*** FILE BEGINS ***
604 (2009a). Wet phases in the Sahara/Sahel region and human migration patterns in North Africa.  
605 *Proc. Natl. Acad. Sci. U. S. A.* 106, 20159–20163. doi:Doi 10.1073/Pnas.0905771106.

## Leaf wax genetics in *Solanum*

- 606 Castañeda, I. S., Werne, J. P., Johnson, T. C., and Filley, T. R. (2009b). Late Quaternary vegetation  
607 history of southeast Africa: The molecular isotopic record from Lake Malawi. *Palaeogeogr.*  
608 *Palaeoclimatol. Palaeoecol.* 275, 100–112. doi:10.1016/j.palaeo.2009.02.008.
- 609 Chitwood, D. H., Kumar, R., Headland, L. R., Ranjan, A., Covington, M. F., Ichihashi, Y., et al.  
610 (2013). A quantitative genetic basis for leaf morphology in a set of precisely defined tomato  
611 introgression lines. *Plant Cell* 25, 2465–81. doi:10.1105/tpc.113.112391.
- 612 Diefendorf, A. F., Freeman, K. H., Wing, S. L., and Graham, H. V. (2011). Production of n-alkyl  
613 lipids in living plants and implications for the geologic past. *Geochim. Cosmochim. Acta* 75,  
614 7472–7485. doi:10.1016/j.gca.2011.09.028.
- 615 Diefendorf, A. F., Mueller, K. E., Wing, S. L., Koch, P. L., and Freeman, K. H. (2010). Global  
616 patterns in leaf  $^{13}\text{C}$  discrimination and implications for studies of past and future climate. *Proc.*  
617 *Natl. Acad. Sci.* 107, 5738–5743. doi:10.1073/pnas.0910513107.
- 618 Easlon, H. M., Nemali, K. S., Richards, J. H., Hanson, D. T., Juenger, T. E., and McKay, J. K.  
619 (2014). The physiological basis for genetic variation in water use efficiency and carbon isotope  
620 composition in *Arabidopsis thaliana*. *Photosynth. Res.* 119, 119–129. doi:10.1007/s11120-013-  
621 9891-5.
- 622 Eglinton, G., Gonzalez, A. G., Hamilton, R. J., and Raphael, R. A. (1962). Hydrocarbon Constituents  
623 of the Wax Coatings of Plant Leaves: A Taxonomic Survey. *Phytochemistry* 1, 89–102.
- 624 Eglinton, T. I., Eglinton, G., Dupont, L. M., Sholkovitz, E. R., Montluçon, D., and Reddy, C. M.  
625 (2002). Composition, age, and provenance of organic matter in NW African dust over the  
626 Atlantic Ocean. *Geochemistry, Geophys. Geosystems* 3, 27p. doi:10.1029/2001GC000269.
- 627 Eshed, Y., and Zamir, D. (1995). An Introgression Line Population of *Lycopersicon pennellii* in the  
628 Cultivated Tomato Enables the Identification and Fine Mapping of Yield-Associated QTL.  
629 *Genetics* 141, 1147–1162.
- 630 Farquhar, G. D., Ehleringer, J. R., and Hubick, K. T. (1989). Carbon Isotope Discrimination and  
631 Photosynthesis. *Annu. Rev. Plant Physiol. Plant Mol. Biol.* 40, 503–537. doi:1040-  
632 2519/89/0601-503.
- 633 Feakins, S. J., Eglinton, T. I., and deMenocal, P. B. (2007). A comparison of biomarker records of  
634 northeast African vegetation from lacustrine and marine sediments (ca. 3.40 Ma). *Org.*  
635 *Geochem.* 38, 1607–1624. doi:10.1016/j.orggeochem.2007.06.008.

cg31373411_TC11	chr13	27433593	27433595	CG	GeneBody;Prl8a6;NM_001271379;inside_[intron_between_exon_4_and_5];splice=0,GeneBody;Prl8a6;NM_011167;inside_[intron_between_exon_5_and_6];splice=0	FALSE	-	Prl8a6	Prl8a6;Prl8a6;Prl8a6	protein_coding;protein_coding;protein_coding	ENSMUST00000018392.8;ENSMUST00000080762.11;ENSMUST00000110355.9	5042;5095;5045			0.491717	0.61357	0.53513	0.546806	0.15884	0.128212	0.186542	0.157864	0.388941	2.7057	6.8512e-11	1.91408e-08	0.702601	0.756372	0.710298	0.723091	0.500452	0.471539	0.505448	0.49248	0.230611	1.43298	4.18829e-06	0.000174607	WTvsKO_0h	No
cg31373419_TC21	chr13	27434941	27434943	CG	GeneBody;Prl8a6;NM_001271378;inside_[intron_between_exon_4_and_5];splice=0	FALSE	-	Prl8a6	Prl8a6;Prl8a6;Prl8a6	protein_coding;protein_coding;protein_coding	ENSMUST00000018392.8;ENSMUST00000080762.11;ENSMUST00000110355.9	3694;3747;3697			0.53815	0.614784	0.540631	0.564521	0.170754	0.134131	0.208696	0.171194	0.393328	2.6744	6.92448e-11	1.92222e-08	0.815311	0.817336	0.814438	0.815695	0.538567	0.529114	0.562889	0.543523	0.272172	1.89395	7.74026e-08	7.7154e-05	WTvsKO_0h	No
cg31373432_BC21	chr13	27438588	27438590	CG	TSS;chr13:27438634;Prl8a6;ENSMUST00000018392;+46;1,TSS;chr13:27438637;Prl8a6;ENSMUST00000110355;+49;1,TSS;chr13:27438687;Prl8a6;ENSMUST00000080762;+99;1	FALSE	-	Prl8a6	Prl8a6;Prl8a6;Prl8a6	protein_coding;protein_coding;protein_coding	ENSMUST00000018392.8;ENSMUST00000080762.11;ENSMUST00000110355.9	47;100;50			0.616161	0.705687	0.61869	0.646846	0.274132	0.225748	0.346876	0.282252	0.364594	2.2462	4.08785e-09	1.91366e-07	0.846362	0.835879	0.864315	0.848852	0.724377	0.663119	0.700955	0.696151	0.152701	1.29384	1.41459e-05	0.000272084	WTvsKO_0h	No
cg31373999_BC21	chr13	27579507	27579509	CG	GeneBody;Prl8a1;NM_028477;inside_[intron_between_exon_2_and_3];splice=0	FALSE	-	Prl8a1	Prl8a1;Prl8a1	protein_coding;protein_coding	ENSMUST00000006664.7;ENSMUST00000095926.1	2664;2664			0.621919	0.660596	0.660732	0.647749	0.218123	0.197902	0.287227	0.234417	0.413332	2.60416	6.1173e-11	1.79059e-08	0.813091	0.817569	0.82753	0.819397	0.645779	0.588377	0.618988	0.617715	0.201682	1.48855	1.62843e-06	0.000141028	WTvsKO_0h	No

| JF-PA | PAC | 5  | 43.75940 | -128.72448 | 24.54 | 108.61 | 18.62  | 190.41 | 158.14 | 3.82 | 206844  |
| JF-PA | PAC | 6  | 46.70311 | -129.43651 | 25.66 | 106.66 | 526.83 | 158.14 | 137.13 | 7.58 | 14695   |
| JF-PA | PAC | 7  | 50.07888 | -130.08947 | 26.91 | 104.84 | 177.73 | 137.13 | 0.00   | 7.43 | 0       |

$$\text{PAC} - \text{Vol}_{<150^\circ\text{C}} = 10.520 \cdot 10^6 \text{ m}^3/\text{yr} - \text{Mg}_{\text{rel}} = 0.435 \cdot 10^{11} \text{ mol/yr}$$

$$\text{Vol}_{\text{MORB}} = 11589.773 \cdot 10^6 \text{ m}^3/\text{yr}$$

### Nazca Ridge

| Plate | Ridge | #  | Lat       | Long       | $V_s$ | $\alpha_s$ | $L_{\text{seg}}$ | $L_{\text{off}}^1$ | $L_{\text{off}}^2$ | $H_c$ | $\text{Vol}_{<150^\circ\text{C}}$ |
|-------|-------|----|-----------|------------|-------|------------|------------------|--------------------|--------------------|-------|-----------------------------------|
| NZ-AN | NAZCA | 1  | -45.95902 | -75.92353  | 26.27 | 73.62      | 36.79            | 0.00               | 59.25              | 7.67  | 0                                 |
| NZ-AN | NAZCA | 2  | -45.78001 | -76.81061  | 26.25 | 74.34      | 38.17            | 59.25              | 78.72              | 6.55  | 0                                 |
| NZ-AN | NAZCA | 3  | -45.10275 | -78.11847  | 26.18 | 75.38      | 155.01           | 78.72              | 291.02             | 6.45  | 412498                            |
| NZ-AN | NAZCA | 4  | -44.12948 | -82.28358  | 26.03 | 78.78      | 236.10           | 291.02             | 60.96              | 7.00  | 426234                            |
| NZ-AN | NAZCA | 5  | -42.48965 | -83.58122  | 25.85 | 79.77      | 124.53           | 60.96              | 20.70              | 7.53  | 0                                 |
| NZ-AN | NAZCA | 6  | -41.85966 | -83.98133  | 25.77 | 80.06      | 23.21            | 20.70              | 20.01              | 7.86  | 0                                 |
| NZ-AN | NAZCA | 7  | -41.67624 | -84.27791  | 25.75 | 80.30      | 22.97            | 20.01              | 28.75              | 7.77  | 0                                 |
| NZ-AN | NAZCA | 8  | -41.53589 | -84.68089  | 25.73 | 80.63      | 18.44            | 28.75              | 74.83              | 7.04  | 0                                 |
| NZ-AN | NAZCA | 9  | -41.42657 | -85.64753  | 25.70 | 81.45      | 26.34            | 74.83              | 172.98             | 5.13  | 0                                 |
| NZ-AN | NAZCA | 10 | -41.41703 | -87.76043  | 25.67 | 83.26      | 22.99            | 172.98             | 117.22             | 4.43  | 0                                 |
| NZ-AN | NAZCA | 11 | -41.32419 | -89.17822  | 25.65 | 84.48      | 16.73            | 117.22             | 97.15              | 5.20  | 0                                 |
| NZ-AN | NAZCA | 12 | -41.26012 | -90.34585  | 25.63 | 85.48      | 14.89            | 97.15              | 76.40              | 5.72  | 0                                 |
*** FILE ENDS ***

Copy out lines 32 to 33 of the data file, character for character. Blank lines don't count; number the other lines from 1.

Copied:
634 northeast African vegetation from lacustrine and marine sediments (ca. 3.40 Ma). *Org.*  
635 *Geochem.* 38, 1607–1624. doi:10.1016/j.orggeochem.2007.06.008.